Composed by Andrew Lloyd Webber and based on T.S. Eliot’s “Old Possum’s Book of Practical Cats,” the original Broadway production opened in 1982 at Broadway’s Winter Garden Theatre (currently home to Lloyd Webber’s newest hit, School of Rock – The Musical), where it ran for 7,485 performances and 18 years. CATS was originally produced on Broadway by Cameron Mackintosh, The Really Useful Company Limited, David Geffen, and The Shubert Organization.

The creative team for the new Broadway production of CATS includes Mick Potter (Sound Design), Natasha Katz (Lighting Design), John Napier (Scenic & Costume Design), choreography by Andy Blankenbuehler, based on the original choreography and associate direction by Gillian Lynne, and direction by Trevor Nunn.

Betty Buckley and the original Broadway company of CATS.

Co-producers The Shubert Organization and The Nederlander Organization issued a joint statement, saying: “In 1982, the arrival of CATS took Broadway by storm. The show went on to dazzle audiences at the Winter Garden for the next 18 years, becoming one of the longest-running shows in Broadway history. We are delighted to join together to bring Andrew Lloyd Webber’s phenomenal musical back to Broadway.”

Since its world premiere, CATS has been presented in over 30 countries, has been translated into 15 languages, and has been seen by more than 73 million people worldwide. Originally directed by Trevor Nunn with choreography and associate direction by Gillian Lynne, scenic and costume design by John Napier, lighting design by David Hersey, and sound design by Martin Levan, CATS opened in the West End in 1981.

The same creative team brought the musical to Broadway in 1982 where it won seven Tony Awards, including Best Musical. Both the original London and Broadway cast recordings won Grammy Awards for Best Cast Album. CATS hit song “Memory” has been recorded by over 150 artists from Barbra Streisand and Johnny Mathis to Liberace and Barry Manilow. The Tony Award-winning Best Musical held the title of longest-running musical in Broadway history until it was surpassed in 2006 by Lloyd Webber’s The Phantom of the Opera. The original Broadway production closed on September 10, 2000 and is currently the fourth longest-running show in Broadway history. This marks the first New York revival.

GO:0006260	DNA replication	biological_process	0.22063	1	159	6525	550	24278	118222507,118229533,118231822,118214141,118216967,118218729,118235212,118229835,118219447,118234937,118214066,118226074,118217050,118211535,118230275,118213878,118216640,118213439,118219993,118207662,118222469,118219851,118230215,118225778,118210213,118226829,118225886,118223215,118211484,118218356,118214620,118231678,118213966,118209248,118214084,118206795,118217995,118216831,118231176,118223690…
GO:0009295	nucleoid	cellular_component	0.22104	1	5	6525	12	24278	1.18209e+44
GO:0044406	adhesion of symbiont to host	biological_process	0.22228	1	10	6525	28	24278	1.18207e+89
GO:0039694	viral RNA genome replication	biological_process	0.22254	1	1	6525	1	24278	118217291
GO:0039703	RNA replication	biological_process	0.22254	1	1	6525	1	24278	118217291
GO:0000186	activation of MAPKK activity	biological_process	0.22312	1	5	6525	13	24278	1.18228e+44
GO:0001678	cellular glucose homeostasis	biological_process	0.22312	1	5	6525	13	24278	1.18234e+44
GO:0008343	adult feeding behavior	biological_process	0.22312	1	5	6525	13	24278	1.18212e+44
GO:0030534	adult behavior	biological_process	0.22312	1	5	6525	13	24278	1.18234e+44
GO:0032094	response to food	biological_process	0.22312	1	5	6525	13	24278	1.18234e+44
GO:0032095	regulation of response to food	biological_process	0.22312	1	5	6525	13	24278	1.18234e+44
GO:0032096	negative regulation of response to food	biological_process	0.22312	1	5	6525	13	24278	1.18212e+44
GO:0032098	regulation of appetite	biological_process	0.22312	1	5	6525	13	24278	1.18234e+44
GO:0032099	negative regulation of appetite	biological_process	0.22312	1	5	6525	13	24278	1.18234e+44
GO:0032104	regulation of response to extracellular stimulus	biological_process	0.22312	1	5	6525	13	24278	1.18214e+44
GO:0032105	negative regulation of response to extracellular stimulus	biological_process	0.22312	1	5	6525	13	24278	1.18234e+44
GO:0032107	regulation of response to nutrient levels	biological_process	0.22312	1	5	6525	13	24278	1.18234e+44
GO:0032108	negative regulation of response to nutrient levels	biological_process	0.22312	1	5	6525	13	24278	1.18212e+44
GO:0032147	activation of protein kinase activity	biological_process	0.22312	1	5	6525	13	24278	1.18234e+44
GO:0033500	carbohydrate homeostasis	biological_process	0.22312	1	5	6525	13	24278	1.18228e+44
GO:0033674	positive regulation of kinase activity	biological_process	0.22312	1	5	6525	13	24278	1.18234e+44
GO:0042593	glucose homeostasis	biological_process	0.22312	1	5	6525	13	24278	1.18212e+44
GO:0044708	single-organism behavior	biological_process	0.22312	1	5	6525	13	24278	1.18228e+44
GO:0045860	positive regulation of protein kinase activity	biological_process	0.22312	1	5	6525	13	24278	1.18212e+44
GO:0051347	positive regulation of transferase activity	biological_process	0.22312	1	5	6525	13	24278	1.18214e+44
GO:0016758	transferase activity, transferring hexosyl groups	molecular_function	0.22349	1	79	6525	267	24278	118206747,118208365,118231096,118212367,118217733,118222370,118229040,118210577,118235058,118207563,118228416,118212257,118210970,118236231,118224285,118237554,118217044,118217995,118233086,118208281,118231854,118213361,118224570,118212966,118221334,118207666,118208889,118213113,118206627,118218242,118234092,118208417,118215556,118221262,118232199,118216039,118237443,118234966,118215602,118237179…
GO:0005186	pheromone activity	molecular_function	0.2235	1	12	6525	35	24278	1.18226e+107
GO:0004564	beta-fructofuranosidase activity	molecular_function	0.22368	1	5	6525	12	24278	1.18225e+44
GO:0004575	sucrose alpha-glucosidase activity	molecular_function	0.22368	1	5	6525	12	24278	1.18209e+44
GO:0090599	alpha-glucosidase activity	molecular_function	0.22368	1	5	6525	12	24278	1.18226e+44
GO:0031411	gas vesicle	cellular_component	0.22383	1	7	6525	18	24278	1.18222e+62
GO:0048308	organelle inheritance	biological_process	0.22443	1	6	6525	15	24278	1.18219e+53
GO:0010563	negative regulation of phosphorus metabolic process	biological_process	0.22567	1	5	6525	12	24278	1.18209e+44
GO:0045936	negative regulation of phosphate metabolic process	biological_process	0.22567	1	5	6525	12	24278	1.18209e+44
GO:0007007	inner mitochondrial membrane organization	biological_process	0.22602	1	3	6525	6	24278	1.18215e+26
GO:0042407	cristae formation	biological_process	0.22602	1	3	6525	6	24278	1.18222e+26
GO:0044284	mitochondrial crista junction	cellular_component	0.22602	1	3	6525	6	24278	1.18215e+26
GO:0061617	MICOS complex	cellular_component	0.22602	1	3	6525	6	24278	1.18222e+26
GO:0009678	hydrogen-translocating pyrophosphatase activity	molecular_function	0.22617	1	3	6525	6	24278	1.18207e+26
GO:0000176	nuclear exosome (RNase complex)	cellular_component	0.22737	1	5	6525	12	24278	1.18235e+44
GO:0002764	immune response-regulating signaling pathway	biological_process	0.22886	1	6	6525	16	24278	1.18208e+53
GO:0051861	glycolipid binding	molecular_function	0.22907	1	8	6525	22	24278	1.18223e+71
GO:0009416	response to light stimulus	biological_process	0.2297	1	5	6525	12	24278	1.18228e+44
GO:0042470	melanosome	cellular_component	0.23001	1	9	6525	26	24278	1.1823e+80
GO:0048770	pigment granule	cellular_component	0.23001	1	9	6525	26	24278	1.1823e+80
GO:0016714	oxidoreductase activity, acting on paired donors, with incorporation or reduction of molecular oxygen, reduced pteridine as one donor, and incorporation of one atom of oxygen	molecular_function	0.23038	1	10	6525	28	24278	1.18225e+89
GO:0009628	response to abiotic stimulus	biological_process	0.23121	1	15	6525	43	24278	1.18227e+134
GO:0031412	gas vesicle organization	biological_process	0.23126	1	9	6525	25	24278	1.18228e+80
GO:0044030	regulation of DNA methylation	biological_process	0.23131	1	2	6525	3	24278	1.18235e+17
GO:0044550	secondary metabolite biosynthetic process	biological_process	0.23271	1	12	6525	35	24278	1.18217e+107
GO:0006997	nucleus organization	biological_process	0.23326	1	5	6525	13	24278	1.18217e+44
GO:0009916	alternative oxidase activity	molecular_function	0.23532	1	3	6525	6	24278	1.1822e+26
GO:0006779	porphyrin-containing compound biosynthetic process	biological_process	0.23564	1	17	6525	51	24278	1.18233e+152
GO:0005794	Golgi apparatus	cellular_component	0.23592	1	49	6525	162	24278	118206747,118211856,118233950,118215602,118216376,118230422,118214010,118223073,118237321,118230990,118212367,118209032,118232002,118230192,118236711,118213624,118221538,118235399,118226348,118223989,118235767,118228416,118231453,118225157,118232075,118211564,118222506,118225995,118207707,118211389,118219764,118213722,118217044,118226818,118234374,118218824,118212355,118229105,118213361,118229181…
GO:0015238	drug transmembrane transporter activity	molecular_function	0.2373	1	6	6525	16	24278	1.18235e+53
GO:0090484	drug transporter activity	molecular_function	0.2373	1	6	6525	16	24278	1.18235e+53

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To Life! ‘Fiddler on the Roof’’s Triumphant Return to Broadway

January 10th, 2016 Comments off
The cast of 'Fiddler on the Roof' (Photo: Joan Marcus via The Broadway Blog.)

The cast of ‘Fiddler on the Roof’ (Photo: Joan Marcus via The Broadway Blog.)

When it opened more than 50 years ago at the Imperial Theatre, Fiddler on the Roof received tremendous critical and audience acclaim. The sweeping musical starred Zero Mostel as Tevye, a poor milkman in turn-of-the-century Russia struggling to find a balance between his religious beliefs and changing times. (Theater geeks may also appreciate that the original cast also featured Bea Arthur, Burt Convey, and Austin Pendleton.)

Fiddler won nine Tony Awards (and a tenth in 1972 for becoming the longest-running musical at the time) with direction and choreography by Jerome Robbins and produced by Hal Prince. It was a brief return to the Golden Age of Broadway. Nominated for four Tony Awards throughout his career, Fiddler was book writer Joseph Stein’s only win. For young writers looking for a blueprint to successfully structure a traditional book musical, look no further than this seminal work. The polishing cloth has come out once again. Staged with humor and humanity, this Fiddler on the Roof redefines tradition.